Wednesday, December 5, 2007

Cascabel, AZ

This past weekend we were able to go on a retreat to the town of Cascabel, which is about an hour and a half's drive east from Tucson. Cascabel has a great story behind it and the people in the town are extremely unique. To get into town one must drive on miles of dirt road and a four-wheel-drive is a requirement if you're going to live there. The focus of the community is to live ecologically friendly and simple lives. The first woman we met, Barbara, built her house out of recycled materials and is a self proclaimed hippie who moved to the community in the '60s. She now sells pottery to make a living and heats her house with wood-burning stoves. We also met a man, named Daniel, who lives in a sweet tent for a good portion of his time and facilitates hermitages for people who want to get away from the noise in their heads and find God in nature.

It seems like a perfect place to clear one's head and find God in the stillness; the canyon is gorgeous. This weekend was the first time that I've seen large trees in the desert: Sycamores, Cottonwoods and popplers. It was so strange to see the white bark and vibrant fall leaves of a Sycamore tree in the canyon contrasting against the background of jagged cliffs and Saguaro cacti. It also just so happens that the only time it has really rained since we came to Tucson was this weekend... the entire time. The three guys and Brandon slept under a tarp that was strung up between some tree branches and managed to stay fairly dry, despite Nature's attempts. We only got kind of wet on the second night when the rain was blowing in from the side. I woke up at some hour of the night to discover a moat flowing around our sleeping area; luckily we built up a mound of dirt around us before going to sleep.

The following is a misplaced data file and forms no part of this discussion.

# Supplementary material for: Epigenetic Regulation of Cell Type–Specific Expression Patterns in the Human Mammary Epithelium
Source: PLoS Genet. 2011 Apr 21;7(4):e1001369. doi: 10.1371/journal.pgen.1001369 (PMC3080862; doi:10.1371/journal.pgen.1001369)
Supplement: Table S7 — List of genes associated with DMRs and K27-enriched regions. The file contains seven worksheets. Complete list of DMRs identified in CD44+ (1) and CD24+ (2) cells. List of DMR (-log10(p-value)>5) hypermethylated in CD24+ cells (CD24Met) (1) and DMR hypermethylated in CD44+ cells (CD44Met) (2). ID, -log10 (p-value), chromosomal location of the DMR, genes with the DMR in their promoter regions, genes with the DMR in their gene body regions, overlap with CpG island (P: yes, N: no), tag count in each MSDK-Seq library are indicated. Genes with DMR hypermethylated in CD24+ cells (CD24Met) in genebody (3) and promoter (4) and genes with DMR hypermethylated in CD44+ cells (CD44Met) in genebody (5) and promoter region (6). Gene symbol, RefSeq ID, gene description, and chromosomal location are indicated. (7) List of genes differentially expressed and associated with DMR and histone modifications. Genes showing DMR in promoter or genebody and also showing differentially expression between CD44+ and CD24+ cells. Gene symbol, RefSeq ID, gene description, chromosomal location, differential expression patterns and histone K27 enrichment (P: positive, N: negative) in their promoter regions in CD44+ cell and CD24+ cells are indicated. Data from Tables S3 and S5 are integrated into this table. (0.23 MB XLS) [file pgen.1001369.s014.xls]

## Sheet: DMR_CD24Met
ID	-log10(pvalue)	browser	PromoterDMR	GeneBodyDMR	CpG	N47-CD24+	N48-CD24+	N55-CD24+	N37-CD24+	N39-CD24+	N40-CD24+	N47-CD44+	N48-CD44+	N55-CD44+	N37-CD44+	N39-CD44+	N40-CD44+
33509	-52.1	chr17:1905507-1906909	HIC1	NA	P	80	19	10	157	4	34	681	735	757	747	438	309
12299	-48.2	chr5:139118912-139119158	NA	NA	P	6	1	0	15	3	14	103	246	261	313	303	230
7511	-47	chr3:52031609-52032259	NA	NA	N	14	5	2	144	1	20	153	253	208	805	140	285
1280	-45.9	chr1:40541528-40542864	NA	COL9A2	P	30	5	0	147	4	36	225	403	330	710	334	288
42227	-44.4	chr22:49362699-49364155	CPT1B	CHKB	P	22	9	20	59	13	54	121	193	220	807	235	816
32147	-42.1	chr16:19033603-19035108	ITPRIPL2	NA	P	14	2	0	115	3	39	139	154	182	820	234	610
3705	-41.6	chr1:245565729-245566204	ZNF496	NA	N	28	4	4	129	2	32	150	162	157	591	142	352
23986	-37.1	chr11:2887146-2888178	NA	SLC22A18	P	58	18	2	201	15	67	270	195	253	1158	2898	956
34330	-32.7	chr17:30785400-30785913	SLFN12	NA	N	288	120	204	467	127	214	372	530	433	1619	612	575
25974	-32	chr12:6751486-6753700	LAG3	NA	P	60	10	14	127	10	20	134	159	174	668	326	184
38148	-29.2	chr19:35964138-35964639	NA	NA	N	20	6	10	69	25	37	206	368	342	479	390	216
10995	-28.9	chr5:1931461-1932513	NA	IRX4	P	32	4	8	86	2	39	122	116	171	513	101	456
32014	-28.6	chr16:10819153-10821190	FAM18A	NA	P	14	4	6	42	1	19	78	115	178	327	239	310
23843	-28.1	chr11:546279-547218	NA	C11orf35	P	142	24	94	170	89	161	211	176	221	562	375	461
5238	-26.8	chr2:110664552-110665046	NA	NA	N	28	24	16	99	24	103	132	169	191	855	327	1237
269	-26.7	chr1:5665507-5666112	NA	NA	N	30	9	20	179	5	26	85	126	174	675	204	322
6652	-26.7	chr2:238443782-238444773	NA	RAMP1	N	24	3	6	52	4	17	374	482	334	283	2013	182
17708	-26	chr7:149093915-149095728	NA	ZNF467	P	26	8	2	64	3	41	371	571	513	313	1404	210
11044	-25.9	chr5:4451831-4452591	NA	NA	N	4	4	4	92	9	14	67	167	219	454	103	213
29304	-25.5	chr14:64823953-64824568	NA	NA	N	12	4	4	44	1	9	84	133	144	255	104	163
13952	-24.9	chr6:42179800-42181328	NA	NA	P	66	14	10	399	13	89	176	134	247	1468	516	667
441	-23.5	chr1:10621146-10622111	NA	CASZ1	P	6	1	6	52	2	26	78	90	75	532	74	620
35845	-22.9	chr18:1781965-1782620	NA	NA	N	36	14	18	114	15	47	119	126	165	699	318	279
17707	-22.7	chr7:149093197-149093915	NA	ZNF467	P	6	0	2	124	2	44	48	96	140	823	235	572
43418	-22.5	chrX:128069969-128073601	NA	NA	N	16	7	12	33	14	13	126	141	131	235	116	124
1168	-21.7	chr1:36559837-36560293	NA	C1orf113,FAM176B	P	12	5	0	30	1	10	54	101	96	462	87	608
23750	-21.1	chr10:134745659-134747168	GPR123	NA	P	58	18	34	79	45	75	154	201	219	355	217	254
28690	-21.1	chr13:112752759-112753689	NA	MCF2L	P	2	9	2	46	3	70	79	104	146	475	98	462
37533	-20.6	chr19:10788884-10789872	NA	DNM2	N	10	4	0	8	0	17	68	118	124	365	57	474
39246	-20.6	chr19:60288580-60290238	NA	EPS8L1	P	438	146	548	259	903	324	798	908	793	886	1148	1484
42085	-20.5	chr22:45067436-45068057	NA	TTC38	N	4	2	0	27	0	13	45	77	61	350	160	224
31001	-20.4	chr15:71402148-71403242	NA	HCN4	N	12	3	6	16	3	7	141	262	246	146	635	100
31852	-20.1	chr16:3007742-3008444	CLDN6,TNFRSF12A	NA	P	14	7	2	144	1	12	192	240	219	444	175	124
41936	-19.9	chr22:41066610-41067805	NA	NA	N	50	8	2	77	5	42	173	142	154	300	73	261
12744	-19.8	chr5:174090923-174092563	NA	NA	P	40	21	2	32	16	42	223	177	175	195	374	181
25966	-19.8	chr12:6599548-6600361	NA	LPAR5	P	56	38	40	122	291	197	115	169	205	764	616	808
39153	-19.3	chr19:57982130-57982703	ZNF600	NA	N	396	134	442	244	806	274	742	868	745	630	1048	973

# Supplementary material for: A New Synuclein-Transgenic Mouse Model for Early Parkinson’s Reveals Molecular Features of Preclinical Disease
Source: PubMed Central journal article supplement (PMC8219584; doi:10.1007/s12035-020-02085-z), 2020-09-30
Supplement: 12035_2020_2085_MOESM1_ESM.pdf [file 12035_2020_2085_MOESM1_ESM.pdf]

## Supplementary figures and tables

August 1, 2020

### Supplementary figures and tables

On the last day we were there we helped run a Christmas Festival that the community puts on every year. Local vendors come to this festival and sell their pottery, art, jewelery, leather etc. and tons of people from the surrounding area come to check out the festivities. As I sat on the grass listening to some local folk music as people perused the tents, children ran around in the dry river basin and I ate chili made by the local fire department I was struck by how much I felt like I was part of a story from Lake Woebegone. Garrison Keillor always focuses on the community feel of his imaginary small town and I definitely felt that in Cascabel. These people are pretty isolated from urban life and have given up many conveniences and luxuries that we have, but they have a wonderful community and seem to be living fulfilling lives. How cool would it be to have a YAV house in Cascabel!?

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